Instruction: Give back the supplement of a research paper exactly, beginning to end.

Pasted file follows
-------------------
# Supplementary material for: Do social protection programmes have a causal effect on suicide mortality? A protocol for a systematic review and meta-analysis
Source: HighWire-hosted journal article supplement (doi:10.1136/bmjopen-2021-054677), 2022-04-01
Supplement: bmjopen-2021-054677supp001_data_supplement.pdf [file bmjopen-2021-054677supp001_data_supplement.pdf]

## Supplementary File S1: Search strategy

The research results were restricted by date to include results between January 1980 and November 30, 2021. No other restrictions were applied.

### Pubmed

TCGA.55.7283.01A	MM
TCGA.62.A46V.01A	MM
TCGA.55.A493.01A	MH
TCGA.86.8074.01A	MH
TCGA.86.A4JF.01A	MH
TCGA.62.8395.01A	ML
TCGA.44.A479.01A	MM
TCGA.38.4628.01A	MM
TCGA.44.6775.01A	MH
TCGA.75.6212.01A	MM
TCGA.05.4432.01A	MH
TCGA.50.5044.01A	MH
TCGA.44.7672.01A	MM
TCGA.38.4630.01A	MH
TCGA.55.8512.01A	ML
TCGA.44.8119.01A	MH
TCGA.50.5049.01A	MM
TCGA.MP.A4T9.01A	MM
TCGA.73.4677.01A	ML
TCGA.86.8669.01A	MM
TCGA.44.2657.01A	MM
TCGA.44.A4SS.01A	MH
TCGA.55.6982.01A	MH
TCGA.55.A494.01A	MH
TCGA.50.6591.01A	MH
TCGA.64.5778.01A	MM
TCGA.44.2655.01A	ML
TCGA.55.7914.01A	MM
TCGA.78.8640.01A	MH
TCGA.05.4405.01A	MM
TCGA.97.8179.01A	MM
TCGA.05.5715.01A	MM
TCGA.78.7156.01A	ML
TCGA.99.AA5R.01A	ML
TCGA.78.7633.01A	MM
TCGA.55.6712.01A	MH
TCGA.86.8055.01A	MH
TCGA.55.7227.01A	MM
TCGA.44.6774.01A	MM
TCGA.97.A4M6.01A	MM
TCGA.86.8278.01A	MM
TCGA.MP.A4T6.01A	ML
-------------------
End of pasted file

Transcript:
# Supplementary material for: Do social protection programmes have a causal effect on suicide mortality? A protocol for a systematic review and meta-analysis
Source: HighWire-hosted journal article supplement (doi:10.1136/bmjopen-2021-054677), 2022-04-01
Supplement: bmjopen-2021-054677supp001_data_supplement.pdf [file bmjopen-2021-054677supp001_data_supplement.pdf]

## Supplementary File S1: Search strategy

The research results were restricted by date to include results between January 1980 and November 30, 2021. No other restrictions were applied.

### Pubmed

TCGA.55.7283.01A	MM
TCGA.62.A46V.01A	MM
TCGA.55.A493.01A	MH
TCGA.86.8074.01A	MH
TCGA.86.A4JF.01A	MH
TCGA.62.8395.01A	ML
TCGA.44.A479.01A	MM
TCGA.38.4628.01A	MM
TCGA.44.6775.01A	MH
TCGA.75.6212.01A	MM
TCGA.05.4432.01A	MH
TCGA.50.5044.01A	MH
TCGA.44.7672.01A	MM
TCGA.38.4630.01A	MH
TCGA.55.8512.01A	ML
TCGA.44.8119.01A	MH
TCGA.50.5049.01A	MM
TCGA.MP.A4T9.01A	MM
TCGA.73.4677.01A	ML
TCGA.86.8669.01A	MM
TCGA.44.2657.01A	MM
TCGA.44.A4SS.01A	MH
TCGA.55.6982.01A	MH
TCGA.55.A494.01A	MH
TCGA.50.6591.01A	MH
TCGA.64.5778.01A	MM
TCGA.44.2655.01A	ML
TCGA.55.7914.01A	MM
TCGA.78.8640.01A	MH
TCGA.05.4405.01A	MM
TCGA.97.8179.01A	MM
TCGA.05.5715.01A	MM
TCGA.78.7156.01A	ML
TCGA.99.AA5R.01A	ML
TCGA.78.7633.01A	MM
TCGA.55.6712.01A	MH
TCGA.86.8055.01A	MH
TCGA.55.7227.01A	MM
TCGA.44.6774.01A	MM
TCGA.97.A4M6.01A	MM
TCGA.86.8278.01A	MM
TCGA.MP.A4T6.01A	ML